It’s Okay to Love Money

Money is not evil.

And the love of money is not evil. You can be Scrooge McDuck and take a bath in gold coins if you want—I’m okay with that.

So, how can you get more of it? You start by getting up, taking a shower, showing up to work on time, and working hard.

We’ve talked about how people don’t work as hard as they used to. But a lot of people still work really, really hard—whether through physical labor, mental labor, or both.

And working hard for your money feels good... whether you’re making $20 an hour installing floors, $75,000 a year selling real estate, or a heck of a lot more performing brain surgery. If you’re sitting around, living off of unemployment checks, it just doesn’t feel the same.

From there, if you want more money, you have to be willing to take calculated risks.

Investors made a lot of money in bitcoin back in 2017, when it soared over 1,300%. That wasn’t luck—some guy out there bought $10,000 worth of bitcoin thinking, “This is probably going to zero.” But he took the risk and wound up making a lot of money.

The final piece of the puzzle: You need to be smart and frugal with your money every step of the way. It doesn’t matter how much money you make—you won’t hold onto it if you’re running up big credit card bills and paying lots of interest.

Be Happy for the Person with $1 Million in the Bank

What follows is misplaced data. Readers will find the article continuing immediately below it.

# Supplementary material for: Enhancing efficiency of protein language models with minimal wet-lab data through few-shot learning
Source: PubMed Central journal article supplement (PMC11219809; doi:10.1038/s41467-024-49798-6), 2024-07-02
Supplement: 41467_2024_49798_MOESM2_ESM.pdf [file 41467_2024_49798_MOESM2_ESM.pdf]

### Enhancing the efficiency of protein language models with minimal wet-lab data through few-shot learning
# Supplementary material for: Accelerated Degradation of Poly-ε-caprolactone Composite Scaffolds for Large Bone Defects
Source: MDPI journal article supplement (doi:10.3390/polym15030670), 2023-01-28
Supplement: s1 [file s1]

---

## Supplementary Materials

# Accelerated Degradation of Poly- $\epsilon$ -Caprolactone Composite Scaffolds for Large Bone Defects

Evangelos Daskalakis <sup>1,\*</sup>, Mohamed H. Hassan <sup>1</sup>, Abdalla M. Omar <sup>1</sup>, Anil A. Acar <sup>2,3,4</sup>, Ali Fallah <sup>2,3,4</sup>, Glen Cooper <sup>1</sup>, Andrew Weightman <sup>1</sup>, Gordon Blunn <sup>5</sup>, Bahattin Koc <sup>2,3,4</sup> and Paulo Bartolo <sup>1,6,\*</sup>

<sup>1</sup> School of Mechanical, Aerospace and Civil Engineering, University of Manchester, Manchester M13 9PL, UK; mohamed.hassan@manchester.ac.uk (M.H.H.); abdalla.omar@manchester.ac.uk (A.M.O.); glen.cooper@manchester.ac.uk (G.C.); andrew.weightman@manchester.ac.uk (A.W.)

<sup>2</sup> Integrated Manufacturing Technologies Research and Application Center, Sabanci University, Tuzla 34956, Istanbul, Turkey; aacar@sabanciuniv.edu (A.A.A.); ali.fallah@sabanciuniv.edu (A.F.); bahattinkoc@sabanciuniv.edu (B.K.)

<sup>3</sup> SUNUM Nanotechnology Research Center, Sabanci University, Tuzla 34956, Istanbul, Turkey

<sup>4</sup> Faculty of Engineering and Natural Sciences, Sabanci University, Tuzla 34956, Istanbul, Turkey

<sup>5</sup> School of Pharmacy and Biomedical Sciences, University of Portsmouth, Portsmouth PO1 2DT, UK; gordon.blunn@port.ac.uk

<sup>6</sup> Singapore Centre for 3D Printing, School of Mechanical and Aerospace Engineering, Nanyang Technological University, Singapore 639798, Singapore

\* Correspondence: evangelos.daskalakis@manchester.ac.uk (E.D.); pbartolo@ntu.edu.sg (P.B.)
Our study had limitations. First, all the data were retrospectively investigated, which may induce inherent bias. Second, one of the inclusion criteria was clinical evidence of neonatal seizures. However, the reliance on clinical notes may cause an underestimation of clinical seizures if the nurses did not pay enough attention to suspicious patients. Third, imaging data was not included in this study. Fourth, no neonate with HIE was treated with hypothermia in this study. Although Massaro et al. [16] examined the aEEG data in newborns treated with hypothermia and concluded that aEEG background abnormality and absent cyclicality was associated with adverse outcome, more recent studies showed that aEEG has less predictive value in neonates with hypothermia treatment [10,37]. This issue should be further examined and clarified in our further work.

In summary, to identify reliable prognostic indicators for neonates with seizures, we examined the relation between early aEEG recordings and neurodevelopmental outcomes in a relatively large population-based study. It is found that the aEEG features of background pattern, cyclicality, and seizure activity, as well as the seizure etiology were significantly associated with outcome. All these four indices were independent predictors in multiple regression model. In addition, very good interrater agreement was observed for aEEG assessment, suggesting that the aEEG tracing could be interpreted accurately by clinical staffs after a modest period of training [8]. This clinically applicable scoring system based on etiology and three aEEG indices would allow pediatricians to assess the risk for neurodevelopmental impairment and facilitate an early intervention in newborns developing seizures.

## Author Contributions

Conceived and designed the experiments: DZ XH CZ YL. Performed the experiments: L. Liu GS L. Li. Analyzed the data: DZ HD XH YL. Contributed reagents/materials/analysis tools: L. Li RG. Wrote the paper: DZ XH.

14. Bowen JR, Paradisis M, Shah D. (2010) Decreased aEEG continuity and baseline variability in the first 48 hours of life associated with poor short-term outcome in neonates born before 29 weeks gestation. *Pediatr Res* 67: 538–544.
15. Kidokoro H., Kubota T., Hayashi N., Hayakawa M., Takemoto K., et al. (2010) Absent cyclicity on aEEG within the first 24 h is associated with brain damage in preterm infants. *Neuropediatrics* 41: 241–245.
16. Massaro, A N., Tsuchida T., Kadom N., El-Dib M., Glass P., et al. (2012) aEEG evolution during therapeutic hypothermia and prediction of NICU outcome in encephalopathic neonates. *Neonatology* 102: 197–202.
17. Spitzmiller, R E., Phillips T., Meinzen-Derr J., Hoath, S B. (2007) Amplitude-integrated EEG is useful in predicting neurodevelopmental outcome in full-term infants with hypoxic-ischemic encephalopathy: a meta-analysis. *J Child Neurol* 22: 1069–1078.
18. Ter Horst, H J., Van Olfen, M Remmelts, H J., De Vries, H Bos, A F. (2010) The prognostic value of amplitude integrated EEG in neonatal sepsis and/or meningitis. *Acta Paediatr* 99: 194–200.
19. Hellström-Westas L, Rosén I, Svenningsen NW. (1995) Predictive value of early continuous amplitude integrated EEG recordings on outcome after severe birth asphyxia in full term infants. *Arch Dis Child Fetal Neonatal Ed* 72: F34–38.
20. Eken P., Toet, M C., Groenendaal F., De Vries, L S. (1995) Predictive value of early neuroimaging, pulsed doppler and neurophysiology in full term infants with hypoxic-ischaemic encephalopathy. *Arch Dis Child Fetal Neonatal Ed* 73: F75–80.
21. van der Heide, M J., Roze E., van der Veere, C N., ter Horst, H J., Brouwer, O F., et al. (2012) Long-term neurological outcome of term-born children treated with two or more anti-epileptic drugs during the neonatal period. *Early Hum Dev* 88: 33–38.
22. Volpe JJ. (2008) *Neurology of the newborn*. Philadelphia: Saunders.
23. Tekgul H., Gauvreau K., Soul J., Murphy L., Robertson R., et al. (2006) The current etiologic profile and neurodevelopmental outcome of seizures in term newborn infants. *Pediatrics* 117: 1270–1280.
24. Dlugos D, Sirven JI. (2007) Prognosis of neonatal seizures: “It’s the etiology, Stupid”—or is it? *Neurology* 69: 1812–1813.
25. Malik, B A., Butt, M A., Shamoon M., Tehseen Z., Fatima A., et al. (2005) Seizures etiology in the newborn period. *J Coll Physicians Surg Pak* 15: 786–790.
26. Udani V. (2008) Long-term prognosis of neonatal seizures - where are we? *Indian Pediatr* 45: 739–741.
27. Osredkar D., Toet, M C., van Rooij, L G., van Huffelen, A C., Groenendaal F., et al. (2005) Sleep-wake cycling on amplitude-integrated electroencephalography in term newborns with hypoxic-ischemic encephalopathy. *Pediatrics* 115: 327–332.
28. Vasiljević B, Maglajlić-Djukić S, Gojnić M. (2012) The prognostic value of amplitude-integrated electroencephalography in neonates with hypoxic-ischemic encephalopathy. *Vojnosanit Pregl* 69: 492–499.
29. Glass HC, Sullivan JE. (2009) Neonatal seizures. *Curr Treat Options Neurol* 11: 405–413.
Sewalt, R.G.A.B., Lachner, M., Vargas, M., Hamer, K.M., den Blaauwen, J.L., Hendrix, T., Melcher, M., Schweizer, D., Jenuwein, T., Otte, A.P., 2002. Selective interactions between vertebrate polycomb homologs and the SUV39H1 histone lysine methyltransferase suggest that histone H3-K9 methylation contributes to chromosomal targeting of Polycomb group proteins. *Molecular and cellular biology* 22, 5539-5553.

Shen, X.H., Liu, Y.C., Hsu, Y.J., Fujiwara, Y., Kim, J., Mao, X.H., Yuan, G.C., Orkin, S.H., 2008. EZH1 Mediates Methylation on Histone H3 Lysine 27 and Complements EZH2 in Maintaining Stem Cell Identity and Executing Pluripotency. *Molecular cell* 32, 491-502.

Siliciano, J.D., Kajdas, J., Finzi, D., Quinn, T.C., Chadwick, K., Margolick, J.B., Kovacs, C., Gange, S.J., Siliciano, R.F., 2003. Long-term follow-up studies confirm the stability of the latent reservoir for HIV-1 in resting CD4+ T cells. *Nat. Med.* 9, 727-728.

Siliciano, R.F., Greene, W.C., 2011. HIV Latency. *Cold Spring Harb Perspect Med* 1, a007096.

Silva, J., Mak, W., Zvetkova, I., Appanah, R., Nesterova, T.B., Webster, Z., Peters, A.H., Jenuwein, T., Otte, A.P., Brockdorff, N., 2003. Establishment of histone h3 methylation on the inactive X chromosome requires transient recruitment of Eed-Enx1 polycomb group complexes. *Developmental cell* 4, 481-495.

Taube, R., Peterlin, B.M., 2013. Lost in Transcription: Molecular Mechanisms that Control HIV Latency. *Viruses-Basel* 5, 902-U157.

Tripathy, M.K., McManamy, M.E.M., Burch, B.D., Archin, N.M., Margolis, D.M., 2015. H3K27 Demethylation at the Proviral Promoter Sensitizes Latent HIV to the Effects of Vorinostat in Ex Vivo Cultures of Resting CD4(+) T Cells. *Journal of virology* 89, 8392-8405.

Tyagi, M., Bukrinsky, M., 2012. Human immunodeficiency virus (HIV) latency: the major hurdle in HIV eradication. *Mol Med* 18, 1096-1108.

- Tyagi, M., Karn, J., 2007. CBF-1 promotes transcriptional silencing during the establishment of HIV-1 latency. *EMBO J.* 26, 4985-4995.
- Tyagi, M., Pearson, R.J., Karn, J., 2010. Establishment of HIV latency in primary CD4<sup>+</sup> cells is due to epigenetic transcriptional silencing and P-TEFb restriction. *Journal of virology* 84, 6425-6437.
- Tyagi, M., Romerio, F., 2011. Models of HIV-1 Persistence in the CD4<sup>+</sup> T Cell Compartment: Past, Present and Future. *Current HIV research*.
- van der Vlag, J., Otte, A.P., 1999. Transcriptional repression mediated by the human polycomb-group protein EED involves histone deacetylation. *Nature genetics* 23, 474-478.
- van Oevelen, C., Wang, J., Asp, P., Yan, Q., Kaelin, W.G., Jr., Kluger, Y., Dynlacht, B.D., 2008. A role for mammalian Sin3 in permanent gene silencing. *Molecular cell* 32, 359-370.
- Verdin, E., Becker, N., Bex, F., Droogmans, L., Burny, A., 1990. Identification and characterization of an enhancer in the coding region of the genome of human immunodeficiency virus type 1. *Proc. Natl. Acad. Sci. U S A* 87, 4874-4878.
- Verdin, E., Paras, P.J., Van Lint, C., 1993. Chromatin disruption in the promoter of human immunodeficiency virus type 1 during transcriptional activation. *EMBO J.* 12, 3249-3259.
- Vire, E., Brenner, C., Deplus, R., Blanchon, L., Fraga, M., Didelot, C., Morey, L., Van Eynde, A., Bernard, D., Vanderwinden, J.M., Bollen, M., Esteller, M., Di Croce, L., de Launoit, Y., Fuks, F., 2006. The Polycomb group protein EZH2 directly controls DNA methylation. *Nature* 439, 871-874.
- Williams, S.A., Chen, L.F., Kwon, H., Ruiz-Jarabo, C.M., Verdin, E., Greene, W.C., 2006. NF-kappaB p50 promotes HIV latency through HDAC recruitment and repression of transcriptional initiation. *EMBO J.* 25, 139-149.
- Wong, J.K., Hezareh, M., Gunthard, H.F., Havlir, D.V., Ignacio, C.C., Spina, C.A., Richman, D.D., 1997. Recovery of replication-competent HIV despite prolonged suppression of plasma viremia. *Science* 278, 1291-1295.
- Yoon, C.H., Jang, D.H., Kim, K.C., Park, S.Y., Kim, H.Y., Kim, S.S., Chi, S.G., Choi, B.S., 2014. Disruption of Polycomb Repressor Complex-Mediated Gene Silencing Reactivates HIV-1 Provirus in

Say you go to the ATM, and the woman ahead of you leaves the receipt on the counter. You catch a glimpse of the balance, and she has $1 million in the bank.

It’s okay to want a big bank account, too. But you should be happy for her! That money is there because of good things she did. It’s there because she worked hard and took calculated risks. It’s there because she was smart and frugal.

You might say she’s just lucky, but that’s pretty rare.

I’m not saying rich people are all saints. There are really scummy people out there who make a lot of money. But, regardless of how they behave in their personal lives, they’ve practiced virtues in their professional and financial lives that helped them get rich.

I’m not naïve—I know there are people who make money by fraud or other illegal stuff. I don’t believe in karma, but stuff usually catches up with people. (Like it did with the Ponzi scheme I witnessed in my Coast Guard days.)

Bottom line: If you want to make more money, practice the virtues that will make that happen.

Why Pro Athletes Struggle to Hold onto Money

My father used to tell me that wherever I was at any given moment was the sum total of all the decisions I had made up to that point.

The same is true for money. If you make poor choices about money, you’re going to have less to show for it. If you make good choices—about things like credit cards, car loans, your mortgage—you’re going to have more.

Some people say that money corrupts, but I don’t think that’s the case. It’s not the money—it’s when money comes too easily.

You see this a lot with professional athletes. They are very physically gifted, and sure, they work hard. But when they’re making $20 million a year, it loses all meaning. This is a big reason a lot of these guys have trouble holding onto their wealth.

There’s a saying that you want to be equal in character to your money. Because the virtues you need to make it are the same virtues you need to hold onto it—hard work, a willingness to take risks, and frugality.

It’s okay to love money. When you start thinking about it that way, it becomes much easier to make more.

Jared Dillian
Jared Dillian

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